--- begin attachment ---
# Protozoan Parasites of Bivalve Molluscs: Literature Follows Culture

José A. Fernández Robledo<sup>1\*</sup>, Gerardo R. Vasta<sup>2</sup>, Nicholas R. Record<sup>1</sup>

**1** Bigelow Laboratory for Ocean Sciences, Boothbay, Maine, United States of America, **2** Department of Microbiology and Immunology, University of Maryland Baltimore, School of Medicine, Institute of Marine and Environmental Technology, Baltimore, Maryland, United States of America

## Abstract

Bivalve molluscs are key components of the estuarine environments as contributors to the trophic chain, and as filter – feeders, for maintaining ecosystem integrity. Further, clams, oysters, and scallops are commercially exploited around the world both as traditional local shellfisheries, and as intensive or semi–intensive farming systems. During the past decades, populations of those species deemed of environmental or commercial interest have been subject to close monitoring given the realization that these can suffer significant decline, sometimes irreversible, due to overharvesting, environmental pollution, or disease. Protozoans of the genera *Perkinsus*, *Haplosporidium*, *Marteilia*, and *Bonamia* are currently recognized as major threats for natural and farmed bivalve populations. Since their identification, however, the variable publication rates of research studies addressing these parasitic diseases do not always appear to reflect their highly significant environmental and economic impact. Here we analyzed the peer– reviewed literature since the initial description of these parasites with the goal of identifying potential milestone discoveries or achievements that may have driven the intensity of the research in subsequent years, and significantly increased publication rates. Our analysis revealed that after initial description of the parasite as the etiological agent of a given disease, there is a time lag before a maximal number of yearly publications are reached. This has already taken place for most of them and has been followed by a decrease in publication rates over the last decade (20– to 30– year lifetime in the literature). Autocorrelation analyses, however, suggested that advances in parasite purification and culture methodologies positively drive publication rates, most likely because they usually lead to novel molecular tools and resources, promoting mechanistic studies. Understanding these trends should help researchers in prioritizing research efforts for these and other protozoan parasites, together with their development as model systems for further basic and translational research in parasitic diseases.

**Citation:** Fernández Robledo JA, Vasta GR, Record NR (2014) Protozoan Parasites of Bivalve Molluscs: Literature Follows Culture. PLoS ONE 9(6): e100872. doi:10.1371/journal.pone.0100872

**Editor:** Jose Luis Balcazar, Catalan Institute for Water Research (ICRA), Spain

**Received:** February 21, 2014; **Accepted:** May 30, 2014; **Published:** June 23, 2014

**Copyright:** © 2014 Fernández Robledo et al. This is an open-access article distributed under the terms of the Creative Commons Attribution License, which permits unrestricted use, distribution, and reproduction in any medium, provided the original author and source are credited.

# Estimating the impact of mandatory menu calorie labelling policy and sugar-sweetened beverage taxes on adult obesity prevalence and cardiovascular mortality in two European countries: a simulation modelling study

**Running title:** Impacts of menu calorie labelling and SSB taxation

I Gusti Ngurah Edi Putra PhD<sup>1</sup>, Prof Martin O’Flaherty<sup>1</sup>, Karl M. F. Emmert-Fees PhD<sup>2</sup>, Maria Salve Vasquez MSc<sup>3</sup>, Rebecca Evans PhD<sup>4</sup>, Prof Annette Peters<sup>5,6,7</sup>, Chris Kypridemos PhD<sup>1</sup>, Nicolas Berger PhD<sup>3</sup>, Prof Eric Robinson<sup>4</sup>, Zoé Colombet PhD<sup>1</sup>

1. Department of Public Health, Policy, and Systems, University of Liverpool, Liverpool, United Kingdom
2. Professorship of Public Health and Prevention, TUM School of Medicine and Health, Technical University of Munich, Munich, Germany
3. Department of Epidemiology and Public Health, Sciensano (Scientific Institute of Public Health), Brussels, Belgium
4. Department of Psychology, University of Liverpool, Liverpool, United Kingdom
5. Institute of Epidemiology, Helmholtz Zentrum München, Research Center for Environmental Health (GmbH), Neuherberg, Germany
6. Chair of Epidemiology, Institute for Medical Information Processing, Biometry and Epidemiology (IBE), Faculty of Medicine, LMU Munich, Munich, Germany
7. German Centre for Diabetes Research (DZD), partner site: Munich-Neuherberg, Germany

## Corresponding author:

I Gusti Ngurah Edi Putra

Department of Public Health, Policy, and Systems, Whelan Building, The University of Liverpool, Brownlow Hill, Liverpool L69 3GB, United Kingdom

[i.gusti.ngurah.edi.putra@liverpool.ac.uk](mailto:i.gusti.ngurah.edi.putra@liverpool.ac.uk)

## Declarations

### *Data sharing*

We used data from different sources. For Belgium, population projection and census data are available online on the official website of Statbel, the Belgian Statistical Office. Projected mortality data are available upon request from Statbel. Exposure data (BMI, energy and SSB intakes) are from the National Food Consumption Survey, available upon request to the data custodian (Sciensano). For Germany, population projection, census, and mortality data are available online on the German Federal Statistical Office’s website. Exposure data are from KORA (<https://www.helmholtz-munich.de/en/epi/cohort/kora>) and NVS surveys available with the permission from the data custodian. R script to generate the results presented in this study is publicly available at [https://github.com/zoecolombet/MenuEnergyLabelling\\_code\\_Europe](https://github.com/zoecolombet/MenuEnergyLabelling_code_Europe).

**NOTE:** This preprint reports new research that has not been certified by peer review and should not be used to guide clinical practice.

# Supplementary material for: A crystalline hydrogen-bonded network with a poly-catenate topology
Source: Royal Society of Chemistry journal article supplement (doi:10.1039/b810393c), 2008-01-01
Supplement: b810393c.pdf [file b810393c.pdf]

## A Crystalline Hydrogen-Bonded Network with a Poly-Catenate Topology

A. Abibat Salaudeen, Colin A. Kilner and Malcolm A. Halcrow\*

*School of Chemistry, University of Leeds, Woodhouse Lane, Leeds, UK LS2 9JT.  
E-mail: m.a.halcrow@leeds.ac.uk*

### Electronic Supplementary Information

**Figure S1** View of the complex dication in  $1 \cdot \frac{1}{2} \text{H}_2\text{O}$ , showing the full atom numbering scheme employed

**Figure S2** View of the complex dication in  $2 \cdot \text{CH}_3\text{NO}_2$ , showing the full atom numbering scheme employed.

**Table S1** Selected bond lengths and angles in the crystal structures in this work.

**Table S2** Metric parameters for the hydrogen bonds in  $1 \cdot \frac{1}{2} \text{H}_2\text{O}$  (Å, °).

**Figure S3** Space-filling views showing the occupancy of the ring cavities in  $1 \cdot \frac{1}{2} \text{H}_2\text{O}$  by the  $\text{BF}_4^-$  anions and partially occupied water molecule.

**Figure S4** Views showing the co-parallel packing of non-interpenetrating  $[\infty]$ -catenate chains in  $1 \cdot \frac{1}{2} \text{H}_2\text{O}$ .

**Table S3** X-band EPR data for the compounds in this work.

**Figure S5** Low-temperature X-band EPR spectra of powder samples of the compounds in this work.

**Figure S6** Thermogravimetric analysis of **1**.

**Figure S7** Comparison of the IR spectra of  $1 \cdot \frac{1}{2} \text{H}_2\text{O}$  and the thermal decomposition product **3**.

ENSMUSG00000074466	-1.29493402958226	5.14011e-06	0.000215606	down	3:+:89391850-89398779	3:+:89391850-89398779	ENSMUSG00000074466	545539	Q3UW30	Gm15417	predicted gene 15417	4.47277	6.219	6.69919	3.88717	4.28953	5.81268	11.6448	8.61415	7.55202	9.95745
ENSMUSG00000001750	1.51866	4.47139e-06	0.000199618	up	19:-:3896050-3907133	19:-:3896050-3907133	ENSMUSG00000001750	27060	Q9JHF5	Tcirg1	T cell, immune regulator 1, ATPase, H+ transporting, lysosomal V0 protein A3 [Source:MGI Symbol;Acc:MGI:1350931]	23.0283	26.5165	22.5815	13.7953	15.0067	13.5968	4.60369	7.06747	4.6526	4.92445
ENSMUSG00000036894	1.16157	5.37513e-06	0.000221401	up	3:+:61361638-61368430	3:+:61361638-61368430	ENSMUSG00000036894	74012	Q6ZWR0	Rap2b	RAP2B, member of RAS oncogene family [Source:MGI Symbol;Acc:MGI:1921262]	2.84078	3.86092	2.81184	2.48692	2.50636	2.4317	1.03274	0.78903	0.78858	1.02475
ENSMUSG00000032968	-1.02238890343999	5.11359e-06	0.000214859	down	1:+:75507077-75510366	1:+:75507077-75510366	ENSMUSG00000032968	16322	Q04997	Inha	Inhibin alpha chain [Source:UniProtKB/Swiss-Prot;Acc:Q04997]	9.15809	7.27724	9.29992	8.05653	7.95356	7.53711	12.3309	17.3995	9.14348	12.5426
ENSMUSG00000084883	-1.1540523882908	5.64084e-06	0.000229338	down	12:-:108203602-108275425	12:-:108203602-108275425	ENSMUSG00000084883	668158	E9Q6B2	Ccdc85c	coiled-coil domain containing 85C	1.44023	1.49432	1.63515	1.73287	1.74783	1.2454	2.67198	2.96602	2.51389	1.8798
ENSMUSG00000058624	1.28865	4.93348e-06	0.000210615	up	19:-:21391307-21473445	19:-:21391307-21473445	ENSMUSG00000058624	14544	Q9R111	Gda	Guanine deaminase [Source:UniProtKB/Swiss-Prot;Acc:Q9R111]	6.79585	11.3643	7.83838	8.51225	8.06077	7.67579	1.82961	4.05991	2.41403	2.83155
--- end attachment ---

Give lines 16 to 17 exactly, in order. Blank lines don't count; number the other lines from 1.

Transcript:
4. Department of Psychology, University of Liverpool, Liverpool, United Kingdom
5. Institute of Epidemiology, Helmholtz Zentrum München, Research Center for Environmental Health (GmbH), Neuherberg, Germany